Lime spatulae were part of the equipment used for ‘betel chewing’, When powdered lime was chewed with a mixture of crushed areca nuts and the leaves of the Piper betel bush. In the Admiralty Islands lime was kept in gourds decorated with curvilinear designs, and a long spatula was used to extract the powder. This example, of which the ﬁnial is shown, terminates in a narrow blade for the purpose.
The ﬁnial carving resembles a miniature version of the ‘ancestor’ ﬁgures from this region, which can be up to six feet high and are often incorporated into house architecture (see Badner, 1979). Such ﬁgures are often carved in association with crocodiles, as here, where the crocodile appears as though trussed by the legs to a stake, which may be a reference to hunting prowess (see also Nevermann, 1934: ﬁg. 132). The ﬁgure has a projection down the centre of the back, ﬂaring at the lower end, which possibly represents a warrior’s pendant. The twin projections on top of the head represent men’s elaborate wigs.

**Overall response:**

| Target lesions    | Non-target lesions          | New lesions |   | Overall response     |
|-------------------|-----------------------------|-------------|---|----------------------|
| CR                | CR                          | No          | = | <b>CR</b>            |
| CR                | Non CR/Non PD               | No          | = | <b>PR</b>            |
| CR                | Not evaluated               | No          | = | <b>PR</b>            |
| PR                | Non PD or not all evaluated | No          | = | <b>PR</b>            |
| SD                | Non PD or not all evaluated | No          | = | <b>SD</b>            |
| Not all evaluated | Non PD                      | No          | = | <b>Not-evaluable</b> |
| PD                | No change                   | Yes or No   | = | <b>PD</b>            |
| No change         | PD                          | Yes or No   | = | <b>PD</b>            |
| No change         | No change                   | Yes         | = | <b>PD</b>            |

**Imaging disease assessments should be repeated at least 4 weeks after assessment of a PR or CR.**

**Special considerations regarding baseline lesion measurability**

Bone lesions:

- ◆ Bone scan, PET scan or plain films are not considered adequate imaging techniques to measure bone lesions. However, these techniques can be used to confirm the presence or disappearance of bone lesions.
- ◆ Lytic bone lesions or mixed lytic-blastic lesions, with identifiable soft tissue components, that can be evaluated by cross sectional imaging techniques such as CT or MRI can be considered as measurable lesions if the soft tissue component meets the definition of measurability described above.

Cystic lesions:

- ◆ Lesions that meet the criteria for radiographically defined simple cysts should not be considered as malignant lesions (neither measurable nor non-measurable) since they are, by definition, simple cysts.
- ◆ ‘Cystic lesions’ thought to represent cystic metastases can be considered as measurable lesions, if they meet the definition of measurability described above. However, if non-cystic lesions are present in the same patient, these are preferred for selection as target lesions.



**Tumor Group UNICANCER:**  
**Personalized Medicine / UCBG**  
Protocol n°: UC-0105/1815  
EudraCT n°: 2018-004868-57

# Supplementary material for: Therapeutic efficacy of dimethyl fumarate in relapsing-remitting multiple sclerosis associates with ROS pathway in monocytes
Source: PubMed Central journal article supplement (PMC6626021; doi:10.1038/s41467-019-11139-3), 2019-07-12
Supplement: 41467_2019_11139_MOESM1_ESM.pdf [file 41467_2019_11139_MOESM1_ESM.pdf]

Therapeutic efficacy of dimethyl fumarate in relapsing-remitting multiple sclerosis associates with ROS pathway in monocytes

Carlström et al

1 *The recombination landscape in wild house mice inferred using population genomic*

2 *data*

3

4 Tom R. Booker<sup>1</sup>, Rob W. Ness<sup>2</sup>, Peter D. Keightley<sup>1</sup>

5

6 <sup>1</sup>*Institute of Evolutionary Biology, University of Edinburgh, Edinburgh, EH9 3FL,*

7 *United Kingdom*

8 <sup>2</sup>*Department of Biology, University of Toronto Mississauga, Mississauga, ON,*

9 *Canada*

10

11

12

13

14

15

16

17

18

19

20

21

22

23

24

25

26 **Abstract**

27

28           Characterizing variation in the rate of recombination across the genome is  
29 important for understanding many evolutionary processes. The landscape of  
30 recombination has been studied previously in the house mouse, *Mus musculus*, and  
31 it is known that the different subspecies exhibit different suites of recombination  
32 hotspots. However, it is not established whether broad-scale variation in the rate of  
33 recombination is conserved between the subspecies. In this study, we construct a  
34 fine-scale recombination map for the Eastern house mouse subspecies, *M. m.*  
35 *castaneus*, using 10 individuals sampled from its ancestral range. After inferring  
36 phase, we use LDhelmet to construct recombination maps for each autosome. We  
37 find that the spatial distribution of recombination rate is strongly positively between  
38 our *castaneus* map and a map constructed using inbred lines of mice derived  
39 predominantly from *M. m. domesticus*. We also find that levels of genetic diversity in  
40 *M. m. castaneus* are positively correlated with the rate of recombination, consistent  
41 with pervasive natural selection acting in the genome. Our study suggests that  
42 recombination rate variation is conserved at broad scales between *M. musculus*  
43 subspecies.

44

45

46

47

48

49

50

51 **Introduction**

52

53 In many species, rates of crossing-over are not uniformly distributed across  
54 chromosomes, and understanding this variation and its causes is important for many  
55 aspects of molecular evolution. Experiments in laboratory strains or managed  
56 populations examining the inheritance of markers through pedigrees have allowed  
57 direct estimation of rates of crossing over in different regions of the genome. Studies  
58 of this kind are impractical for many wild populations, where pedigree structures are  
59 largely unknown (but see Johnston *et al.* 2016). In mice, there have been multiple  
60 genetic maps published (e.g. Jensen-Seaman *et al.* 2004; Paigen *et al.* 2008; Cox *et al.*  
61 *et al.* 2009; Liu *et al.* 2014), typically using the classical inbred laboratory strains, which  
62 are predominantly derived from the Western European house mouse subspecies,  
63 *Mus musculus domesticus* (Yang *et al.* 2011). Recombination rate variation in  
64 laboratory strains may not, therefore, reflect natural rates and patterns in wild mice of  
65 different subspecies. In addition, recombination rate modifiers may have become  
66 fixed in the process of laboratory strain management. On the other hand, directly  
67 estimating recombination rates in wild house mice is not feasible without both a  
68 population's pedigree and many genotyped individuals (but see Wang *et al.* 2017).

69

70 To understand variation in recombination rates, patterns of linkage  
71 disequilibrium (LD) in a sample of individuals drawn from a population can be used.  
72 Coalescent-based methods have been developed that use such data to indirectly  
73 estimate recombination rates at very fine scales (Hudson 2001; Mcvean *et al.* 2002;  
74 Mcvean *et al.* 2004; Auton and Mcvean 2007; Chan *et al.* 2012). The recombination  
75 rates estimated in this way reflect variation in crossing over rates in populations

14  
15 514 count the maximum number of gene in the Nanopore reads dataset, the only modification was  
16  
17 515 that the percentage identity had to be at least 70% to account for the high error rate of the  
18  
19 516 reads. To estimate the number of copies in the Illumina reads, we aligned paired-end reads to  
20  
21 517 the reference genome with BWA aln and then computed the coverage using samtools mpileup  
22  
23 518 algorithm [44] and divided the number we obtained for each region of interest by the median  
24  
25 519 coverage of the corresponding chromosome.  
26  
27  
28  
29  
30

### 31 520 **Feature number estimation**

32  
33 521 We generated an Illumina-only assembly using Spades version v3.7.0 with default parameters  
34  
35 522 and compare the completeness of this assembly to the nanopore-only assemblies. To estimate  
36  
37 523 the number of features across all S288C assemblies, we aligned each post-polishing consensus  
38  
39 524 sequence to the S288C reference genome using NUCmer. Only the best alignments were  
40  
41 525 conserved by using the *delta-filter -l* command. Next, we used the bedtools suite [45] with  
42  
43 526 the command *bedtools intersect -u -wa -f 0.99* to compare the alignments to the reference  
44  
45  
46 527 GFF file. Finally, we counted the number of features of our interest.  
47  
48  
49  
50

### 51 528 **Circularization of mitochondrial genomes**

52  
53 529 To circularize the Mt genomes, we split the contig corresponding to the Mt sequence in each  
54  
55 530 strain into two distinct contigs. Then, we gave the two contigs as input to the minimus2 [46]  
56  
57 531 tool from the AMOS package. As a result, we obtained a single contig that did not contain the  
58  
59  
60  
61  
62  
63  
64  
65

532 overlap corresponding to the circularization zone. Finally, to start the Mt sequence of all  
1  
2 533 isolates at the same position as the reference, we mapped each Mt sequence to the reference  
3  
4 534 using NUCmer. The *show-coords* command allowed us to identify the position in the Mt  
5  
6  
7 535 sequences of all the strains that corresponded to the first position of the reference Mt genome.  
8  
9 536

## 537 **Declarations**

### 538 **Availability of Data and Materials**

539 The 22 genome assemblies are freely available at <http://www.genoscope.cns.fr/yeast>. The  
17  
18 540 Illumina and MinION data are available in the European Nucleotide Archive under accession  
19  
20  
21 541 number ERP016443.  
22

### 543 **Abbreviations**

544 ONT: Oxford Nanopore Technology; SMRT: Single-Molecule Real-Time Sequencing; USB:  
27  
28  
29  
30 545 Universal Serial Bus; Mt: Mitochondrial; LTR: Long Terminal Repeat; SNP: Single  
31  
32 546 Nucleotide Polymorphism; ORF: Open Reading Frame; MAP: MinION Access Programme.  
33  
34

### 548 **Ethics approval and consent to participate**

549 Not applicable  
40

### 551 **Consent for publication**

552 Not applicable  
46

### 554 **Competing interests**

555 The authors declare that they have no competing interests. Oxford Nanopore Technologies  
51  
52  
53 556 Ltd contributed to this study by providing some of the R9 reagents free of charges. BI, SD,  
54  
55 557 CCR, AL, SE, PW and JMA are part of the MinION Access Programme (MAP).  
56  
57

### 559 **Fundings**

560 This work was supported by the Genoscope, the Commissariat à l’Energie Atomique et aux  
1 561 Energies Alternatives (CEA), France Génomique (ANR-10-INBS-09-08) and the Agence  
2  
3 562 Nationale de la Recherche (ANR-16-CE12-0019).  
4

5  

Steven Hooper, 1997
Entry taken from Robert and Lisa Sainsbury Collection, Vol. 2: Pacific, African and Native North American Art, edited by Steven Hooper (Yale University Press, 1997) p. 62.
Acquired by the Sainsbury Family in 1966. Donated to the Sainsbury Centre, University of East Anglia in 1973 as part of the original gift.
Title/Description: Lime spatula
Born: 1800 - 1899
Object Type: spoon
Measurements: l. 555 x w. 18 x d. 21 mm
Inscription: '2038 Admiralty Is. WBSTR 1898.14'
Accession Number: 170
Historic Period: 19th century
Credit Line: Donated by Robert and Lisa Sainsbury, 1973